J.K. Föhl painting from The Encyclopedia of Ephemera
With the (soon-to-be-signed into law) “Family Smoking Prevention and Tobacco Control Act” here in the US, and cigarette packaging poised for some changes, I thought it might be a good time to take a look back at the origins of tobacco packaging.
The earliest tobacco pack? Pretty much just a square of folded paper as in the painting above.
Early shopkeepers, if they wrapped their wares at all, did so only nominally. One 17th-century London tea-man’s advertisement suggests that the customer should come provided with ‘a convenient box’. Squares of paper, normally reserved for the most unmanageable of commodities, were the universal standby. In this way, for those who shopped without convenient boxes, the problem of wrapping such products as pins, needles, snuff, tobacco, ink powder, sago, and the like was solved.
With the rise of shopkeeping and the growth of competition, it was only a matter of time before the square of wrapping paper carried a distinguishing mark.
The Encyclopedia of Ephemera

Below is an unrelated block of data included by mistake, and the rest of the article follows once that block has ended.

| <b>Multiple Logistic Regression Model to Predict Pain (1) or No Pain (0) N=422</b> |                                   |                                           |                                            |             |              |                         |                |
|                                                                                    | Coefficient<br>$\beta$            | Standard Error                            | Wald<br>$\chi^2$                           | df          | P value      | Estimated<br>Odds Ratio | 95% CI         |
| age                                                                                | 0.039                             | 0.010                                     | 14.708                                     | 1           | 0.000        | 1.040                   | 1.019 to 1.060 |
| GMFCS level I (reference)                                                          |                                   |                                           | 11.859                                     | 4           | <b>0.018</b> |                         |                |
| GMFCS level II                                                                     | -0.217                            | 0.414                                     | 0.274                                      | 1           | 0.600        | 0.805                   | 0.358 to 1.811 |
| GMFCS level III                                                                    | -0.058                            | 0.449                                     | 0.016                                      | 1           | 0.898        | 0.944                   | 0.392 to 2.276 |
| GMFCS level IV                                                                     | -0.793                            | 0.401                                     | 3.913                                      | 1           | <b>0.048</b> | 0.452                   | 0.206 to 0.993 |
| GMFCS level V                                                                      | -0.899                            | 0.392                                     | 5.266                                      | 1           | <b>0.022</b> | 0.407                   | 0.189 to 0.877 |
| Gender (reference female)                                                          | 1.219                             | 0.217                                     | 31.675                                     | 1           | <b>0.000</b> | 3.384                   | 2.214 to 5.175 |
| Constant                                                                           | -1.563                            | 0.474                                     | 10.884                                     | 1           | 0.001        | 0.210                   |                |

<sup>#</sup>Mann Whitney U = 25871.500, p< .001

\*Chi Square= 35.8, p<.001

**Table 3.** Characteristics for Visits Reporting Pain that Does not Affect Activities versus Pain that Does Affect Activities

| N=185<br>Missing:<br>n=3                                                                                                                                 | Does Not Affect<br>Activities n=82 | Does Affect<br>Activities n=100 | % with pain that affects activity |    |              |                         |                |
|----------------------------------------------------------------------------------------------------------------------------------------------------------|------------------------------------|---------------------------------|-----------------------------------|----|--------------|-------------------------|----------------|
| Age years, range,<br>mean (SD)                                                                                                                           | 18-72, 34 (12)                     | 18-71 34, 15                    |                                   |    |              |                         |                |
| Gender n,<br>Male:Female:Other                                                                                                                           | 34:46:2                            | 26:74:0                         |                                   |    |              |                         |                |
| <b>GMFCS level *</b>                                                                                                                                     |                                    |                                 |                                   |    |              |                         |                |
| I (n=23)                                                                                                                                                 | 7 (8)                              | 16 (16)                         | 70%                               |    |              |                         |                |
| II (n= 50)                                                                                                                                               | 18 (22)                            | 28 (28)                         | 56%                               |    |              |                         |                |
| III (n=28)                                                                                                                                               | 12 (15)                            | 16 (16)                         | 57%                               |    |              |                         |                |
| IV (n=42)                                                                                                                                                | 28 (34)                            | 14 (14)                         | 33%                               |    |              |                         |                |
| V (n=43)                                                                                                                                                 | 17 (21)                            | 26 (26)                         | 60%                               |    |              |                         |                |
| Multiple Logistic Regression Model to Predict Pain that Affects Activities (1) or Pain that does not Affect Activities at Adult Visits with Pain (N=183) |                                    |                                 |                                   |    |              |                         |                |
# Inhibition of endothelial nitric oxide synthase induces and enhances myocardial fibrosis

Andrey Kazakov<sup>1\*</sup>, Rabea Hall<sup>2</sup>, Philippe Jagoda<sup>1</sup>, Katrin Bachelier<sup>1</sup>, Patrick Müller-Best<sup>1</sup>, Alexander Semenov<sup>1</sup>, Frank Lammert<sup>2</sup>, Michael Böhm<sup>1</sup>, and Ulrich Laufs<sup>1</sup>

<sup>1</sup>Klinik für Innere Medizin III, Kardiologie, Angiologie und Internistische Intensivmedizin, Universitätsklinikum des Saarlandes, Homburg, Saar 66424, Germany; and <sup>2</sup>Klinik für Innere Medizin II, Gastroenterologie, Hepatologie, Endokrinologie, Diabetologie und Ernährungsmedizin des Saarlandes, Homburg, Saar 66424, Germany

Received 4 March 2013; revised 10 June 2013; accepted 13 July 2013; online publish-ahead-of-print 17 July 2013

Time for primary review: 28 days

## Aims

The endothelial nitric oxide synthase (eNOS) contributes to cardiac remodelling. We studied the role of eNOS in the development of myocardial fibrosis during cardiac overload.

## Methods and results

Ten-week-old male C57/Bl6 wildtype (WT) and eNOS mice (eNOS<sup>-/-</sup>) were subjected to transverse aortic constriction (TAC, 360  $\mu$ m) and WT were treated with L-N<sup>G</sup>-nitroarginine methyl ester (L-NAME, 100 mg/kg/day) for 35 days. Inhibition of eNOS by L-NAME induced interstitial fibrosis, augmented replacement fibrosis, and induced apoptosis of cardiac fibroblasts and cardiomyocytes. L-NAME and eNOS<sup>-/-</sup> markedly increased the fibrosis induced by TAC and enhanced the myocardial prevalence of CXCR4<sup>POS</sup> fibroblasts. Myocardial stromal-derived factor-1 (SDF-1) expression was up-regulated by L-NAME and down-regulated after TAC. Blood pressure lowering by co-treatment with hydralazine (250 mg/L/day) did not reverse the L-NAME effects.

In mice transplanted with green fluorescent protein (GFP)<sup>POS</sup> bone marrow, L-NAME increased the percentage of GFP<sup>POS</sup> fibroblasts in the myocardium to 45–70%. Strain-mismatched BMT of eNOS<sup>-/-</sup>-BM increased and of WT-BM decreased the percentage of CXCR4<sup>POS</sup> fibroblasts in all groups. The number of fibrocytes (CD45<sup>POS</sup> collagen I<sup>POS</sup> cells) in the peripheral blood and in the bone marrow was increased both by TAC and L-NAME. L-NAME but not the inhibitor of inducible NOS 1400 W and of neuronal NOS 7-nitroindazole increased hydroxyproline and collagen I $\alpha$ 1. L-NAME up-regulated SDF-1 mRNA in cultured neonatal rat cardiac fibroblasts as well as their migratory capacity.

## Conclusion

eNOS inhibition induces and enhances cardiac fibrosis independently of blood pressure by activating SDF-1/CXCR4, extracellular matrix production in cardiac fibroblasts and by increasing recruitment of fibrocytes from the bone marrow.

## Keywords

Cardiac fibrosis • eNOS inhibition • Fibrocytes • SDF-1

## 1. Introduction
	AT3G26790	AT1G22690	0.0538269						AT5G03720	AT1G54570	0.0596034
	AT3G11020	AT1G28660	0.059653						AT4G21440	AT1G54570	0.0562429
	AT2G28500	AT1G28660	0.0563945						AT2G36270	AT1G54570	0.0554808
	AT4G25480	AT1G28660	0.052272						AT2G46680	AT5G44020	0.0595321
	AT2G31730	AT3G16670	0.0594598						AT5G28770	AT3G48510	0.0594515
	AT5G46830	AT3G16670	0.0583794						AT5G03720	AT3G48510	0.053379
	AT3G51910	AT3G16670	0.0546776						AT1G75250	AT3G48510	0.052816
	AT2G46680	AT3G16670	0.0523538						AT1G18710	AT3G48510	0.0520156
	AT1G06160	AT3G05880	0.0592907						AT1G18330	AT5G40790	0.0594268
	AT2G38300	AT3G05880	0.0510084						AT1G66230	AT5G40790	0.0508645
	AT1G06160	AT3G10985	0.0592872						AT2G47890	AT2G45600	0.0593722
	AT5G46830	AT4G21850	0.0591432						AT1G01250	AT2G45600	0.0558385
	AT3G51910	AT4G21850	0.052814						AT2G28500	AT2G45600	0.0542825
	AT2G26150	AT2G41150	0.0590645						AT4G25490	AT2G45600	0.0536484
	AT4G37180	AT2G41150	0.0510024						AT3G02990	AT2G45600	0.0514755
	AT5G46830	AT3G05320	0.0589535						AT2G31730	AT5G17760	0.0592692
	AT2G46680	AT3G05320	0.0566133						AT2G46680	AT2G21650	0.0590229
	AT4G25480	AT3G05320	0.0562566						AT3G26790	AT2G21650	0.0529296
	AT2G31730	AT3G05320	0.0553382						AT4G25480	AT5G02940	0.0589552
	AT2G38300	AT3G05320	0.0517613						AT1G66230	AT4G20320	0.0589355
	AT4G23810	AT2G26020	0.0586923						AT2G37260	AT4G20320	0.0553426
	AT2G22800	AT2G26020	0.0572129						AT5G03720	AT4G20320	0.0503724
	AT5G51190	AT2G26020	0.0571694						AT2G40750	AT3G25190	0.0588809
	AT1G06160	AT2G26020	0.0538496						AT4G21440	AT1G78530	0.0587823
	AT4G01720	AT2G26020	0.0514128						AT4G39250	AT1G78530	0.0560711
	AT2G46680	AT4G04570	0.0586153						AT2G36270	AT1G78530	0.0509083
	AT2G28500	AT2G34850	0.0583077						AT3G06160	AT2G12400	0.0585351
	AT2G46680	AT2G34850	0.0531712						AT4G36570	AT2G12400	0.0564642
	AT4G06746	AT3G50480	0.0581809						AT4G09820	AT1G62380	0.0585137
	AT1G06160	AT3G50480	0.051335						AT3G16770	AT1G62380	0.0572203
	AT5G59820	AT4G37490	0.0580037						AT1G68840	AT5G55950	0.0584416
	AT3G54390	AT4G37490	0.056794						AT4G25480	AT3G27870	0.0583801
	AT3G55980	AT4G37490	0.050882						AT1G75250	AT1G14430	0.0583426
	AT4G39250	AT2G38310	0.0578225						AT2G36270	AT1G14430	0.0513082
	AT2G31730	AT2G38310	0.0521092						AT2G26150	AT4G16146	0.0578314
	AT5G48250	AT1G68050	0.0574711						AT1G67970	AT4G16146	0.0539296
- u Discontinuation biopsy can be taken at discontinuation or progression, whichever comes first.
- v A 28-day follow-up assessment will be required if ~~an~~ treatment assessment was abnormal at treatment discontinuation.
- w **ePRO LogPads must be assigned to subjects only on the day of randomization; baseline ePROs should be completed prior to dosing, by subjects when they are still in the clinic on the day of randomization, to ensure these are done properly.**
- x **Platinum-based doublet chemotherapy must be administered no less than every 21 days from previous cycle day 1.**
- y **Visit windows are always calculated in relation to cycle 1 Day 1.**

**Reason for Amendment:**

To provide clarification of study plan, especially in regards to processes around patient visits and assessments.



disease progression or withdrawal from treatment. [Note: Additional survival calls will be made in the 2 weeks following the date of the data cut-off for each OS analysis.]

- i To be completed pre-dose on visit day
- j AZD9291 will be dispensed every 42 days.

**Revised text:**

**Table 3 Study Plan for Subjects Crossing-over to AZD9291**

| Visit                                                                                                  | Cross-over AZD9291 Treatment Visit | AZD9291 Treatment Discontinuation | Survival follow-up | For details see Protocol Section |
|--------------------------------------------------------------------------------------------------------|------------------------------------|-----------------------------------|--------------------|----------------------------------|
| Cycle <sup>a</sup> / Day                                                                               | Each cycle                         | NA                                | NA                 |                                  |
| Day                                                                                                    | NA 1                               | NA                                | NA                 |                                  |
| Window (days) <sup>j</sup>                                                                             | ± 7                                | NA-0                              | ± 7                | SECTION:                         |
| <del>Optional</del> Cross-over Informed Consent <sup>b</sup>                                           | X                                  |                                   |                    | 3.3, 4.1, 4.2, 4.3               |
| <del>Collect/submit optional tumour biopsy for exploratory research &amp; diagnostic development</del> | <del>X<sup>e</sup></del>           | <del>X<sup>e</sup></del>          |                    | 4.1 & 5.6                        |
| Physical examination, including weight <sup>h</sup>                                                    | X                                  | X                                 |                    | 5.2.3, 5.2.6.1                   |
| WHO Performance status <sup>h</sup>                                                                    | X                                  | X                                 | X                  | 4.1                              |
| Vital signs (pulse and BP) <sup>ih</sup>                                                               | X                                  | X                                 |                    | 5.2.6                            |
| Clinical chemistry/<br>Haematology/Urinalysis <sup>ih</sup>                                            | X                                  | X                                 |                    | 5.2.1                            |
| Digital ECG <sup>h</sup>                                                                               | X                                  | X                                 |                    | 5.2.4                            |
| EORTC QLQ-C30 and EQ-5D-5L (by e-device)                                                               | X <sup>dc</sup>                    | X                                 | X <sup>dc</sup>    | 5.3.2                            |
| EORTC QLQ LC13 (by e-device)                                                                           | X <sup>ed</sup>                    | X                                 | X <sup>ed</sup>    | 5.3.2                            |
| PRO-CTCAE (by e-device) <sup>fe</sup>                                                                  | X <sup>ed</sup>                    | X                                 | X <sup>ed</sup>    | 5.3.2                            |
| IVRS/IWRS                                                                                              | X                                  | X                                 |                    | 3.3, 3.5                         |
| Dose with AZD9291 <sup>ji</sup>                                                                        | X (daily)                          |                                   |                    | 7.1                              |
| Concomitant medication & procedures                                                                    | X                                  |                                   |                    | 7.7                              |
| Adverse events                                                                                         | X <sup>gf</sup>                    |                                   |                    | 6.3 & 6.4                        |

By Maurice Rickards, Michael Twyman, Sally De Beaumont, Amoret Tanner
As explained to me by Virginia Bartow, curator of the Arents Tobacco collection, tobacco “trade cards” (not to be confused with tobacco trading cards) served a multitude of purposes. An advertising flyer, a shipping label—(so that non-literate delivery men could match the graphics on the label to the sign hanging outside the tobacconist’s shop)—and an ad hoc package.
(More tobacco trade card packaging, after the fold…)
Tobacco trade cards (I probably got these images from the Arents collection online, but I got them a while ago and now I can’t remember for sure…)
Another still life with a tobacco packet (this one unfolded) below…
Beach Packaging Design